Osteoporosis is a common bone disease characterized by low bone mass and deterioration of bone tissue, leading to an increased risk of fractures. It affects millions of people worldwide, particularly postmenopausal women and the elderly. Current treatment options for osteoporosis include medications that slow down bone loss and promote bone formation. However, these treatments often have limitations and side effects.
In recent years, there has been growing interest in using stem cells as a potential therapy for osteoporosis. Stem cells have the ability to differentiate into various cell types, including bone-forming cells called osteoblasts. Mesenchymal stem cells (MSCs) are a type of adult stem cell that can be isolated from various tissues, such as bone marrow and adipose tissue.
However, the use of MSCs for osteoporosis treatment has some challenges. One major concern is the potential for the transplanted cells to undergo cell death in the harsh environment of the diseased bone. This can limit their therapeutic efficacy and reduce the overall success of the treatment.
To overcome this challenge, researchers have turned their attention to a novel approach called engineered mesenchymal stem cell-derived extracellular vesicles (EVs). EVs are small membrane-bound vesicles released by cells that contain various bioactive molecules, including proteins, nucleic acids, and lipids. They play a crucial role in cell-to-cell communication and can transfer their cargo to recipient cells, influencing their behavior and function.
In a recent study published in the journal Cell Death & Disease, researchers investigated the potential of engineered MSC-derived EVs as a therapeutic strategy for osteoporosis. They aimed to enhance the survival and therapeutic properties of MSCs by modifying their EVs.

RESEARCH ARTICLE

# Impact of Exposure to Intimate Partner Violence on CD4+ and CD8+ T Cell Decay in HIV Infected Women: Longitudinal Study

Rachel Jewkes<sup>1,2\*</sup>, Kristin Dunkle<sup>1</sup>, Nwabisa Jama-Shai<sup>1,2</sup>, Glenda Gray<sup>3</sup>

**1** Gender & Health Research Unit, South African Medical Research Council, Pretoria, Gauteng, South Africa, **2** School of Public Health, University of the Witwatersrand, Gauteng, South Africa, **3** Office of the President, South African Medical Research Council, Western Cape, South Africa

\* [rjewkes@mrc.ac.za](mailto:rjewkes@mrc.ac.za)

The researchers engineered MSCs to overexpress a specific protein called miR-21, which is known to promote cell survival and inhibit cell death pathways. They then isolated EVs from these modified MSCs and tested their effects on bone cells in vitro and in a mouse model of osteoporosis.
The results of the study were promising. The engineered MSC-derived EVs showed increased stability and enhanced survival compared to regular MSC-derived EVs. They also exhibited improved therapeutic properties, promoting the proliferation and differentiation of bone-forming cells and inhibiting the activity of bone-resorbing cells.
Furthermore, the researchers found that the engineered EVs contained higher levels of miR-21, which contributed to their enhanced therapeutic effects. MiR-21 was shown to protect bone cells from apoptosis (programmed cell death) and stimulate bone formation.
These findings suggest that engineered MSC-derived EVs have the potential to overcome the limitations of cell-based therapies for osteoporosis. By enhancing the survival and therapeutic properties of MSCs through modification of their EVs, this approach could provide a more effective and targeted treatment for osteoporosis.
However, it is important to note that this study was conducted in a preclinical setting, and further research is needed to validate these findings in human clinical trials. Additionally, the safety and long-term effects of engineered MSC-derived EVs need to be thoroughly evaluated.
In conclusion, the study on mechanisms and advances in enhancing osteoporosis treatment with engineered MSC-derived EVs provides valuable insights into the potential of this novel therapeutic approach. By modifying the EVs released by MSCs, researchers have demonstrated improved survival and therapeutic properties, offering a promising avenue for the development of more effective treatments for osteoporosis.